One of the ironies of the 1984 dystopian world is that although, as in the Soviet regime of Orwell's time, religious belief is forbidden, the Party is puritanical about sex to a fanatical degree, just as some religions still are in our own world today. Winston sees sexual freedom as a force that has the potential to destroy the Party. It's partly because of this that he tells Julia that the more lovers she's had, the more attractive she is to him. Divorce is not permitted, and therefore Winston can never free himself from his much-disliked wife Katherine, although they're separated. The Party views sex only for the purpose of procreation, and this is why Katherine (and others) have referred to it as "our duty to the Party." The Party is also sexist in the sense that it's especially women who are taught to despise sex. There is a Girl-Scout-like "anti-sex League" women are encouraged to join, with its red sash Julia herself wears and throws off when she's with Winston.

During Winston's interrogation and torture O'Brien goes even further than Winston or most outside the Inner Party might have imagined, saying that "we shall abolish the orgasm," and that they have scientists working on this now. Overall, the aim is in keeping with the general intention of turning the population into unfeeling zombies. Though the Party encourages marital fidelity, it also deliberately breaks up the family unit by encouraging children to turn on their parents, as Parsons' children do, overhearing him as he utters thought-crime in his sleep, and then reporting him to the police.

It's interesting to consider these aspects of 1984 in the light of other writings of Orwell. In his earlier novels such as Burmese Days and Keep the Aspidistra Flying, he identifies antagonism toward sexual freedom as a symbol of the old order, of conservative and outdated middle-class morality (which it is). In one essay about his upbringing he describes it as normal for parents of the time to "systematically warp" a young boy's sexual development. In 1984 the rationale for the Party's anti-sexual stance is that sex is a competing force to its rule. Also, this element in 1984 shows that Orwell's future world, at least in this respect, is the exact opposite of Aldous Huxley's in Brave New World, in which sexual freedom is considered normal and desirable.

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What is the Party's attitude toward love and marriage in 1984?

The Party views personal matters as things which must be brought under the control of the state. This is done because the Party realizes the dangers of allowing people to form personal attachments and loyalties. On the issue of marriage, for example, the Party decrees that its only purpose is procreation and all marriages must be authorized by a special committee.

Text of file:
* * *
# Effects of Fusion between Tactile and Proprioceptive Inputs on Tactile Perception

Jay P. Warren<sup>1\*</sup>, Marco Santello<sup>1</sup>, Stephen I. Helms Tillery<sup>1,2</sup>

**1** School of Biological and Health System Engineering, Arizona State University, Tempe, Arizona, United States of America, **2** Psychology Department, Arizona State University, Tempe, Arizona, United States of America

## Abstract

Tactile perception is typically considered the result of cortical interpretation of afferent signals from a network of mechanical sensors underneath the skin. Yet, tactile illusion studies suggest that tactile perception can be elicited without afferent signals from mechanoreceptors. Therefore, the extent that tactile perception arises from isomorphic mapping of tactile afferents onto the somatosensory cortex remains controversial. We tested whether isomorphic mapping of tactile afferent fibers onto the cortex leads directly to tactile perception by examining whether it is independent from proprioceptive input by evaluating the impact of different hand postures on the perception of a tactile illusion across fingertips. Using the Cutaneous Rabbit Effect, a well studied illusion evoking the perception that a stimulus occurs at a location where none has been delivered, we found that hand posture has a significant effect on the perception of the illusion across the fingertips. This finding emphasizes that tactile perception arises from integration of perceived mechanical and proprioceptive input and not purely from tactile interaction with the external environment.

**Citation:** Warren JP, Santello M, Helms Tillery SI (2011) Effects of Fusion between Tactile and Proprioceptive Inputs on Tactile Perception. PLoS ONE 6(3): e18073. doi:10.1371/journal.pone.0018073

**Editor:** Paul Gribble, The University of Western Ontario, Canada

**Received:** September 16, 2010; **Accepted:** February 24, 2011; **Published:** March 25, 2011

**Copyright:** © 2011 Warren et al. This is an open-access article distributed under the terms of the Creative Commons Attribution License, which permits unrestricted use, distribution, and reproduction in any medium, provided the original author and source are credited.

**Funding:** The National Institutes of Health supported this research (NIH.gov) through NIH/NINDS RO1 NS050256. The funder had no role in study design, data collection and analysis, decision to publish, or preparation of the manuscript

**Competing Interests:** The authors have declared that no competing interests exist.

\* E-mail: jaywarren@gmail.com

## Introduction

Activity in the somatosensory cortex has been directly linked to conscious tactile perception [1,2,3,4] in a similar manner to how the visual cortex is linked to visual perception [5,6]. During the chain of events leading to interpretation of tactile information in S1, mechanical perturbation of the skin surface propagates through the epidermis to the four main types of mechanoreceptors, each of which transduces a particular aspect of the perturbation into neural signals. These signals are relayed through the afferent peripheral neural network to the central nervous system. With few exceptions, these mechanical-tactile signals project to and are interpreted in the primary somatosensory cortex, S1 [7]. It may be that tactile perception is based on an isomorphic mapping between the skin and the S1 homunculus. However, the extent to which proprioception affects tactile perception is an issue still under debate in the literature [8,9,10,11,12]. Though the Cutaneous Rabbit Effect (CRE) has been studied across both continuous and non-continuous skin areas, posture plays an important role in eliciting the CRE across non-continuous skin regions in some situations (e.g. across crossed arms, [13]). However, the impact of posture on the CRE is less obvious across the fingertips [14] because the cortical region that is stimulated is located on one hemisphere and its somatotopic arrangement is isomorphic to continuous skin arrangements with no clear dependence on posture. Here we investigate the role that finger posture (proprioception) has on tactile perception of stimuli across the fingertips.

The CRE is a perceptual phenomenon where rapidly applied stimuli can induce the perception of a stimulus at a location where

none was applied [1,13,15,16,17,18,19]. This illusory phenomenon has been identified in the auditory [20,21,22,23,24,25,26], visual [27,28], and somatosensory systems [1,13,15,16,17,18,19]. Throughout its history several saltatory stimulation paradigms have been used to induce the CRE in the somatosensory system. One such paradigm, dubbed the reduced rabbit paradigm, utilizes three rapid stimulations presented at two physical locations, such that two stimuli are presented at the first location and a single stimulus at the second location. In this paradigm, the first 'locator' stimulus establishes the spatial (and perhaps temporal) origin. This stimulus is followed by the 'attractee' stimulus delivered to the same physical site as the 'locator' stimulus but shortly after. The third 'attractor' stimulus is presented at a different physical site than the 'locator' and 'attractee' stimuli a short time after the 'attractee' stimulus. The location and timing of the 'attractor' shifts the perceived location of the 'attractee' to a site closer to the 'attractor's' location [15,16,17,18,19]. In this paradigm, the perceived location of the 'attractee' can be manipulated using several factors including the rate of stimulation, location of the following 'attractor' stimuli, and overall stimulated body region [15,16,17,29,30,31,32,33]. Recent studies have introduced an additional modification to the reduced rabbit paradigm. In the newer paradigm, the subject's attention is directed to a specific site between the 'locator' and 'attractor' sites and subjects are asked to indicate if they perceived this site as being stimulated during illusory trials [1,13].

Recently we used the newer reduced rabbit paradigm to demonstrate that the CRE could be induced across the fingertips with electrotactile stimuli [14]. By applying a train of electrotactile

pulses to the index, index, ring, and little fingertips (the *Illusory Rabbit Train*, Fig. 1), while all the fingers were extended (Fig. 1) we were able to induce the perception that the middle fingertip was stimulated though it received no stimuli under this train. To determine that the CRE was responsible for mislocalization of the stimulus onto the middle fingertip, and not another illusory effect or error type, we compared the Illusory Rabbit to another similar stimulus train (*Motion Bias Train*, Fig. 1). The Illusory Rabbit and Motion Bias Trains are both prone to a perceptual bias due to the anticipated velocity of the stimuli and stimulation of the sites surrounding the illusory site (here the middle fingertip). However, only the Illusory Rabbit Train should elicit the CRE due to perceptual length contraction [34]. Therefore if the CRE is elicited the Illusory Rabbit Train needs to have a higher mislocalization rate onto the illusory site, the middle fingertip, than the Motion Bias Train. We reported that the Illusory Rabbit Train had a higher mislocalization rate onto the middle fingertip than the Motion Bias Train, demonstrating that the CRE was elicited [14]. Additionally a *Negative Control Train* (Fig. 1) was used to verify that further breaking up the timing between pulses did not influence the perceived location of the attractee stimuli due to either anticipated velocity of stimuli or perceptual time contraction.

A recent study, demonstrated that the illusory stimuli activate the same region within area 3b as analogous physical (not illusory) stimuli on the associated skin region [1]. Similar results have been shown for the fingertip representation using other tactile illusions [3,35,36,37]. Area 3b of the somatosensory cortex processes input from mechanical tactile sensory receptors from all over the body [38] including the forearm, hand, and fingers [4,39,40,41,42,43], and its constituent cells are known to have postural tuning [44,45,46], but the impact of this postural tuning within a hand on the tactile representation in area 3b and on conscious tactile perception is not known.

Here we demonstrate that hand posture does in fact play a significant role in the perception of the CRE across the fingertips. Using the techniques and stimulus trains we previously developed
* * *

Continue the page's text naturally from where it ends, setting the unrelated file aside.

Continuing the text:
Moreover, to prevent any familial loyalty, the Party has turned children into agents of the state, watching their parents' every move and ready to report any incidences of Thoughtcrime. This guarantees that families will not form bonds that might threaten the Party's power. 

Similarly, when it comes to sexual relationships, the Party adopts a puritanical attitude, as Winston comments in Part Two, Chapter Three: 

There was a direct intimate connexion between chastity and political orthodoxy … The sex impulse was dangerous to the Party, and the Party had turned it to account.  

Sexuality, therefore, is heavily regulated by the state. Organizations, like the Junior Anti-Sex League, encourage Party members to adopt a chaste lifestyle, which keeps their minds firmly centered on Big Brother. 

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What is the Party's attitude toward love and marriage in 1984?

The Party is wary of anything they cannot control, so it naturally attempts to undermine such institutions as marriage and the family, and to remove the pleasure and joy of amorous relations. On family, the Party encourages children to sell out their own parents for expressing unacceptable ideas:

...hardly a week passed in which ‘The Times’ did not carry a paragraph describing how some eavesdropping little sneak —‘child hero’ was the phrase generally used — had overheard some compromising remark and denounced its parents to the Thought Police.

Similarly, the Party attempts to remove love and especially eroticism from sex. The sex act was to be undertaken only with the purpose of creating children to serve the Party. While the Party did not exacly oppose occasional relations with the proles, they wanted such relations to be stripped of romance:

The aim of the Party was not merely to prevent men and women from forming loyalties which it might not be able to control. Its real, undeclared purpose was to remove all pleasure from the sexual act....Sexual intercourse was to be looked on as a slightly disgusting minor operation, like having an enema.

Sexual activity and temptation seem to be associated with women. Though Orwell does not explore the point, it is women who join the ranks of the Anti-sex League, and it is Julia who approaches Winston to begin their relationship. Overall, though, it is not so much sexism but the desire to control every possible aspect of the human condition that motivates the Party.